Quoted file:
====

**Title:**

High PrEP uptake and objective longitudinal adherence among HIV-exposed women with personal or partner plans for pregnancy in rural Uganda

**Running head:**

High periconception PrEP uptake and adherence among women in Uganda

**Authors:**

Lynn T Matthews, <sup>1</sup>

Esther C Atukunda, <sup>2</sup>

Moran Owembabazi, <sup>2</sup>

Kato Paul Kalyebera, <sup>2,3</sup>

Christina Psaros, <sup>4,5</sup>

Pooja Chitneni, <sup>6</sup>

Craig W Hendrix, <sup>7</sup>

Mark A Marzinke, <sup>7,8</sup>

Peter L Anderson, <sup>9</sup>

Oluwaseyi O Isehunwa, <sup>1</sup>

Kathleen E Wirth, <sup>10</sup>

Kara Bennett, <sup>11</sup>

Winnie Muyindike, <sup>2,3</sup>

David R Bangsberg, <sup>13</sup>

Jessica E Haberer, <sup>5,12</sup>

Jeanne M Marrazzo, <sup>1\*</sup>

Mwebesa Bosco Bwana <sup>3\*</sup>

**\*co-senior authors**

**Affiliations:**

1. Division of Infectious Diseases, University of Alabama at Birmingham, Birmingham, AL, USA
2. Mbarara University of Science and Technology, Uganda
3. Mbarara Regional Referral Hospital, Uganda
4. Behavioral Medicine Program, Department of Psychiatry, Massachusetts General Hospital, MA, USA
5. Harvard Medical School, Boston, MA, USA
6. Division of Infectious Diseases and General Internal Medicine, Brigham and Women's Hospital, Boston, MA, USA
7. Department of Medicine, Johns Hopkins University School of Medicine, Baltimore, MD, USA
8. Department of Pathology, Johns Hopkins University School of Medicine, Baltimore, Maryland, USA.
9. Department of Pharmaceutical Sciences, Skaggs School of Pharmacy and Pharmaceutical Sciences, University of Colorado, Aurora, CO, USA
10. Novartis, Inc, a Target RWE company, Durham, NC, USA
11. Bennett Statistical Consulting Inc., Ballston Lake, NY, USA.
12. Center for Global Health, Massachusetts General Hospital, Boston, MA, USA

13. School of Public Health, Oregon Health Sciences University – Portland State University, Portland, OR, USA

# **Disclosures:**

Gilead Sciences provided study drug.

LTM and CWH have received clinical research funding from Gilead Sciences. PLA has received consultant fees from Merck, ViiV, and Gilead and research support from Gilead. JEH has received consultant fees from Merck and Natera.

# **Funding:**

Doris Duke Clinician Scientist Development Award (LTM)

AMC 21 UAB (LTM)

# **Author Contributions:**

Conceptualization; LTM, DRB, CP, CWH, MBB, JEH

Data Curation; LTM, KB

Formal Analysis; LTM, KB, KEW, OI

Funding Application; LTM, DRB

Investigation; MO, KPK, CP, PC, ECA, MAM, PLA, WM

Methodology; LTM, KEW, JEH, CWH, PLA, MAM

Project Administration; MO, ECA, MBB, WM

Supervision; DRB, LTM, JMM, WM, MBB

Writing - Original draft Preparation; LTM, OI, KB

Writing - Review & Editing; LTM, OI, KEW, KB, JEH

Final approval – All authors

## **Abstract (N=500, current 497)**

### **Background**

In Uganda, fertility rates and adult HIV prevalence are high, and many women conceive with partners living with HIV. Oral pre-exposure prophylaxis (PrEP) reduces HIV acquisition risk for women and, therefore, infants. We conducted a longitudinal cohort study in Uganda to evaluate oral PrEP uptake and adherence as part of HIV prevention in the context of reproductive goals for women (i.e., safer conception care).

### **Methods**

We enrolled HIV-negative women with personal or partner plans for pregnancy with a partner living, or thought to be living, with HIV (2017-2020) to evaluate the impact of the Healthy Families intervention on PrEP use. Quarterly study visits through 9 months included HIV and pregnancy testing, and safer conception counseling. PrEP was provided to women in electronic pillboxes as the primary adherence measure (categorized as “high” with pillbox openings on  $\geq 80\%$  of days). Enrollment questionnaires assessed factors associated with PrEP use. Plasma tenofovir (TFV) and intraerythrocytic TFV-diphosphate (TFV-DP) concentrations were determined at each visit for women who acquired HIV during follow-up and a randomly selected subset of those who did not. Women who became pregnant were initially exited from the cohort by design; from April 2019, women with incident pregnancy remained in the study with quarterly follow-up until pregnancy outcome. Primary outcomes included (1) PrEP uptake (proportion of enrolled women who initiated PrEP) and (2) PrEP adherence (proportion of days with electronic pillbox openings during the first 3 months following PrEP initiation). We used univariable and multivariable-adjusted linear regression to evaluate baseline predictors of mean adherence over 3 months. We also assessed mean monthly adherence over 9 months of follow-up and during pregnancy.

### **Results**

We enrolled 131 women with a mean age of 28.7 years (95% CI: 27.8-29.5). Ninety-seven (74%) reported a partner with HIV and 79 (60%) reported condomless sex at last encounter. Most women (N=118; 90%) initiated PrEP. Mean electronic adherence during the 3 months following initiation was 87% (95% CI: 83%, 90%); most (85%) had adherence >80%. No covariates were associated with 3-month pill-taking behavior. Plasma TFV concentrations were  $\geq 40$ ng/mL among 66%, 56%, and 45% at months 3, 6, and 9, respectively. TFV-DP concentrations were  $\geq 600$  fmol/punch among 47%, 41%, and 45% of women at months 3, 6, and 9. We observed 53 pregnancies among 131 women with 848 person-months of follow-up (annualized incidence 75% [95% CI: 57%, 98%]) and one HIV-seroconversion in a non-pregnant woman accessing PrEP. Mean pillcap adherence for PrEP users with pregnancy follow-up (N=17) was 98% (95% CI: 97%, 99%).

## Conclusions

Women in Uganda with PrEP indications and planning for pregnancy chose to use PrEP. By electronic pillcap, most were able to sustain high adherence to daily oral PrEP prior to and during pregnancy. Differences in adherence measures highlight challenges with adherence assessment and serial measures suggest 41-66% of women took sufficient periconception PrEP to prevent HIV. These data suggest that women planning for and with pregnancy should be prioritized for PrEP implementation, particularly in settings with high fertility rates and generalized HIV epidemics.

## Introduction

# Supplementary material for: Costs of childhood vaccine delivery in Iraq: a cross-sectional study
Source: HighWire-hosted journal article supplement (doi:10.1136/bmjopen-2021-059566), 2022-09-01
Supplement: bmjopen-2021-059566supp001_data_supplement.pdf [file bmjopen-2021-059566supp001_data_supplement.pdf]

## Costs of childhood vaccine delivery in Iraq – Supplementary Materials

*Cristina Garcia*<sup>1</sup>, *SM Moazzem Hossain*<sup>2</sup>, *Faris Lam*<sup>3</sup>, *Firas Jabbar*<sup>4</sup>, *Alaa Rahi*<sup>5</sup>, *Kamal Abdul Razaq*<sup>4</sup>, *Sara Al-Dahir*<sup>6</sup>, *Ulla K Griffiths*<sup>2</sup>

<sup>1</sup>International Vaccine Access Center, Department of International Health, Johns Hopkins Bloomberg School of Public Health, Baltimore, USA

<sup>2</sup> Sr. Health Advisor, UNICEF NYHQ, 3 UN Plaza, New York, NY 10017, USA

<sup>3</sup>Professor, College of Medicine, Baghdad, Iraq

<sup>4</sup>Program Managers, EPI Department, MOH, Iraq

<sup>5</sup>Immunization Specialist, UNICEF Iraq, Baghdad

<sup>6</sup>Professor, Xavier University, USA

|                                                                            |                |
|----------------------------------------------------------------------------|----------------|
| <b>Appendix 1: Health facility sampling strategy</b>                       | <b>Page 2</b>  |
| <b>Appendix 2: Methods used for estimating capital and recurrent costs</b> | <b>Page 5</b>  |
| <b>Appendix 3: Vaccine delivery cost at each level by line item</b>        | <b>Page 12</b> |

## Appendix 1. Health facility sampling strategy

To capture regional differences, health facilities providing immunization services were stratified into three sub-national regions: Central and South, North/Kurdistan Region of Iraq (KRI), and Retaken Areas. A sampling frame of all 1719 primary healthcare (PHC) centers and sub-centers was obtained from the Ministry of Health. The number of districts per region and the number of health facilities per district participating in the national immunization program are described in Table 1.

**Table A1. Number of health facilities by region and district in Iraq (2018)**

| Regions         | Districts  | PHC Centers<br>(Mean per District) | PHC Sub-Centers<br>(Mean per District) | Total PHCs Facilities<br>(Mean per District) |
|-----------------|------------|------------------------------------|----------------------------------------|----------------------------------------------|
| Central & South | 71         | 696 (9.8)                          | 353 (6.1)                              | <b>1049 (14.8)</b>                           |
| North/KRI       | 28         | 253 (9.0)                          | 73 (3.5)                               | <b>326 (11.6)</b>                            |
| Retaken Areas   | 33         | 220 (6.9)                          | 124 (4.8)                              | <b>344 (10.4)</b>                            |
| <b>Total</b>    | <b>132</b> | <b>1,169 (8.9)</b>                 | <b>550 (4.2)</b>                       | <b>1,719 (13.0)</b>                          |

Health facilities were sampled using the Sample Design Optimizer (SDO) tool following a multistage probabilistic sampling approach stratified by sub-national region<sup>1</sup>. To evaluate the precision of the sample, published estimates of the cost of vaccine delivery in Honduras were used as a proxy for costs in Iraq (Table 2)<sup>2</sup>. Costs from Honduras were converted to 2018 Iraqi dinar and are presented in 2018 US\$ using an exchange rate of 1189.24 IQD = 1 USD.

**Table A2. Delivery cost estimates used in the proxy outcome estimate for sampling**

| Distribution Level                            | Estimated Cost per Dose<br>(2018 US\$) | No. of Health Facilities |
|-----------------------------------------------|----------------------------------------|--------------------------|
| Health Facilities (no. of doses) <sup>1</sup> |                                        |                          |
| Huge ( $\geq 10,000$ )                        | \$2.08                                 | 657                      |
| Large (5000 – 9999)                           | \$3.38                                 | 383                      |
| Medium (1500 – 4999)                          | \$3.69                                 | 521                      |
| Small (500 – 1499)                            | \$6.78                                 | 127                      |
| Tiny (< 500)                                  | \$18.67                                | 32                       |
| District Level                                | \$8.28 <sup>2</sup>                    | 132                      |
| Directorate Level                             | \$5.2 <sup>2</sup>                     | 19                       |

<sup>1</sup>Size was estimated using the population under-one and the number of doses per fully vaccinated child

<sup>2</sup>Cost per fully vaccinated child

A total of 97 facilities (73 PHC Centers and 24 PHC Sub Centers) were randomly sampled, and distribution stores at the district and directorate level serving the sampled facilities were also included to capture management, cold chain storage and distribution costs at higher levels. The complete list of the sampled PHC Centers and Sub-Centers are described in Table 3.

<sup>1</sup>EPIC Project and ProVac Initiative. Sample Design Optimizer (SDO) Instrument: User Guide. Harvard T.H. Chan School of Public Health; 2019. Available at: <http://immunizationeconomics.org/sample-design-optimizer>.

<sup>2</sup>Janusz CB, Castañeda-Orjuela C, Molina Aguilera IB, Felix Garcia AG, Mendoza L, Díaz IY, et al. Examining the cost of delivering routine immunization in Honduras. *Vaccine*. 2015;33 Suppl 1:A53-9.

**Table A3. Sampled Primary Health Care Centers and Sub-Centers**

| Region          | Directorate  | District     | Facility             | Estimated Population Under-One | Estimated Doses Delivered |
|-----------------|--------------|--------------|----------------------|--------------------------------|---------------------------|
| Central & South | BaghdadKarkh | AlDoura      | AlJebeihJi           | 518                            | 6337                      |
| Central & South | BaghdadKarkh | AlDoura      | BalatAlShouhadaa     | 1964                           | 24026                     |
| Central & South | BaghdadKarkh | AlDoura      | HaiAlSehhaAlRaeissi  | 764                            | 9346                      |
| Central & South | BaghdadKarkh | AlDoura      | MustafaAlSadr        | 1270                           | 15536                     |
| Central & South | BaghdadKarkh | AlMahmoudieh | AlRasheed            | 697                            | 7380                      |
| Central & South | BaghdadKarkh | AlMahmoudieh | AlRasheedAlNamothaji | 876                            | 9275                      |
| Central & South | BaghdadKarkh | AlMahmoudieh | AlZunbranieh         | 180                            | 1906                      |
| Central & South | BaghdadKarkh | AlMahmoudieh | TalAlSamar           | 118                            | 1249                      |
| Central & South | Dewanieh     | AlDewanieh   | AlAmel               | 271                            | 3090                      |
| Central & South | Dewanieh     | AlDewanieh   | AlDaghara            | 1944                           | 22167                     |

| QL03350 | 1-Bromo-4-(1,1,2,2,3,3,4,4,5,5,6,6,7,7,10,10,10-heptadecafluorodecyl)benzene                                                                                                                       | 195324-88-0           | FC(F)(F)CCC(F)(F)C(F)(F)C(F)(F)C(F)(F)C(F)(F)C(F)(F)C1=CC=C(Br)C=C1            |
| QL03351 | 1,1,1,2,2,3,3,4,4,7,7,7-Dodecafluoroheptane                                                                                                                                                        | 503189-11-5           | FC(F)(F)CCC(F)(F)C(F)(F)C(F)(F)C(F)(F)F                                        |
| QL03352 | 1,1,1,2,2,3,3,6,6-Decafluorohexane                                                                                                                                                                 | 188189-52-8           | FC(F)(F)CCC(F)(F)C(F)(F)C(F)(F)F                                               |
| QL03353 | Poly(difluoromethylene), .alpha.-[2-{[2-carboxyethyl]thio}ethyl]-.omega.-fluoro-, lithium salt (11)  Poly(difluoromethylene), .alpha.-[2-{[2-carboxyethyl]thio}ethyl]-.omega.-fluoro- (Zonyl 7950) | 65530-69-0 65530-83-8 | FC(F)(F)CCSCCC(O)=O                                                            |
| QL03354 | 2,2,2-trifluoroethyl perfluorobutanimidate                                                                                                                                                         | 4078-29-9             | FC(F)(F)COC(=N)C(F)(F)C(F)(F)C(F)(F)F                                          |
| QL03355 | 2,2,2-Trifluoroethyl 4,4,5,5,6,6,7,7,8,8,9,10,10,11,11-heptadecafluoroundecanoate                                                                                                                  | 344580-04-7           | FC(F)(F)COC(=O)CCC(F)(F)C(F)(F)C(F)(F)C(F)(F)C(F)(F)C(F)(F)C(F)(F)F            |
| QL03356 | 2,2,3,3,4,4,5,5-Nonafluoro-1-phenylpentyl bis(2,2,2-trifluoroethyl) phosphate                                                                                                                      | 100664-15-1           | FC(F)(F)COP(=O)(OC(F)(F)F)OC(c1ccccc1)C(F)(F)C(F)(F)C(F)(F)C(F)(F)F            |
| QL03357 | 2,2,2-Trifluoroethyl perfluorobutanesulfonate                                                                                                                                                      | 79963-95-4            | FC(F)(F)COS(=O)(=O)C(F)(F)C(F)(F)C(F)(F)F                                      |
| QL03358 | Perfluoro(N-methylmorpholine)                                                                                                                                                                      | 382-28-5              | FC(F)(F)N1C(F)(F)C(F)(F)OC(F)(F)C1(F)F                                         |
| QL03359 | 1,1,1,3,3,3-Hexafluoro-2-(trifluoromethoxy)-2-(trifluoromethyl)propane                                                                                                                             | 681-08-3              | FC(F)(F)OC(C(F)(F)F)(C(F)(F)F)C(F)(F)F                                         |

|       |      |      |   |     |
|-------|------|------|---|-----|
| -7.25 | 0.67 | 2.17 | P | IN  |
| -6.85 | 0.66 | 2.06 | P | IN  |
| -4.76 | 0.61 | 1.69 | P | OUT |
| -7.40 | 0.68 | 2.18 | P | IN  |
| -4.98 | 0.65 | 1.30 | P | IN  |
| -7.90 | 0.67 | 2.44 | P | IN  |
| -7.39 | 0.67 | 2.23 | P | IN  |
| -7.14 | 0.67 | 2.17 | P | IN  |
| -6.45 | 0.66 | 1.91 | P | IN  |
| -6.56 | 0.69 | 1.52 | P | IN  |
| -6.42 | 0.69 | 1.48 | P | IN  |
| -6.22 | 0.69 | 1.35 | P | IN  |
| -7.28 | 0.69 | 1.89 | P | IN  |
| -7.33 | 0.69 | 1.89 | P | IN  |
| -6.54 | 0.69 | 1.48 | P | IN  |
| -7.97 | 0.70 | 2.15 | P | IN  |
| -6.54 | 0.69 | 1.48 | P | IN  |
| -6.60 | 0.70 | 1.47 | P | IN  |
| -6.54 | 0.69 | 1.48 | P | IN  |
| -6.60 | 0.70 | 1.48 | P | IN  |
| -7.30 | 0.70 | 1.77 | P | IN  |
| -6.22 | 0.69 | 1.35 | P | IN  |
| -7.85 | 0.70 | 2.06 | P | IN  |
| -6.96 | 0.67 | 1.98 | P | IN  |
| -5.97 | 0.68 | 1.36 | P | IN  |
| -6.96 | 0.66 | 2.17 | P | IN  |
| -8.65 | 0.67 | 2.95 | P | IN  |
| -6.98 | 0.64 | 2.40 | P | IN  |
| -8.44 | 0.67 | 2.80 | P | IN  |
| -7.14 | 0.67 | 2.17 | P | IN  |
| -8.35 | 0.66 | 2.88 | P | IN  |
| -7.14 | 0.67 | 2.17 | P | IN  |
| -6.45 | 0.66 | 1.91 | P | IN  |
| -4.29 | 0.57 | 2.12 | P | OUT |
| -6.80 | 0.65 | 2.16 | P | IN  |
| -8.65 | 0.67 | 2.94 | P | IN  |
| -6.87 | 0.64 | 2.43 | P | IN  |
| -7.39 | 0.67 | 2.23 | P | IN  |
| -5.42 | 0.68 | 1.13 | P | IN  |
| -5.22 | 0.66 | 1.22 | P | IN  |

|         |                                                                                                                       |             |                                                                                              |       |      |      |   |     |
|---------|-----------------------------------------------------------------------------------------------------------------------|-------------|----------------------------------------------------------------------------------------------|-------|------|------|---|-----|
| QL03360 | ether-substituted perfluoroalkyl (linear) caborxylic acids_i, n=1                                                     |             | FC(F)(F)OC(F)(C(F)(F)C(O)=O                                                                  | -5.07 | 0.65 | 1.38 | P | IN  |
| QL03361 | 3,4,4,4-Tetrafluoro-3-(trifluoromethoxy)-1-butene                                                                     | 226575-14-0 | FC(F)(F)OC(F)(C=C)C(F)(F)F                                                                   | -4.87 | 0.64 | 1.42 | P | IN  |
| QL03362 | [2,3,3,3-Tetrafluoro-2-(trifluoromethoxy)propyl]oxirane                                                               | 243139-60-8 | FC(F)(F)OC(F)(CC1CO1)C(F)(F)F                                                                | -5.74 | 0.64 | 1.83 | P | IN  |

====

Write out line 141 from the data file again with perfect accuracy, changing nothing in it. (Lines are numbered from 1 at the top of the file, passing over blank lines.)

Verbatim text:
| -6.45 | 0.66 | 1.91 | P | IN  |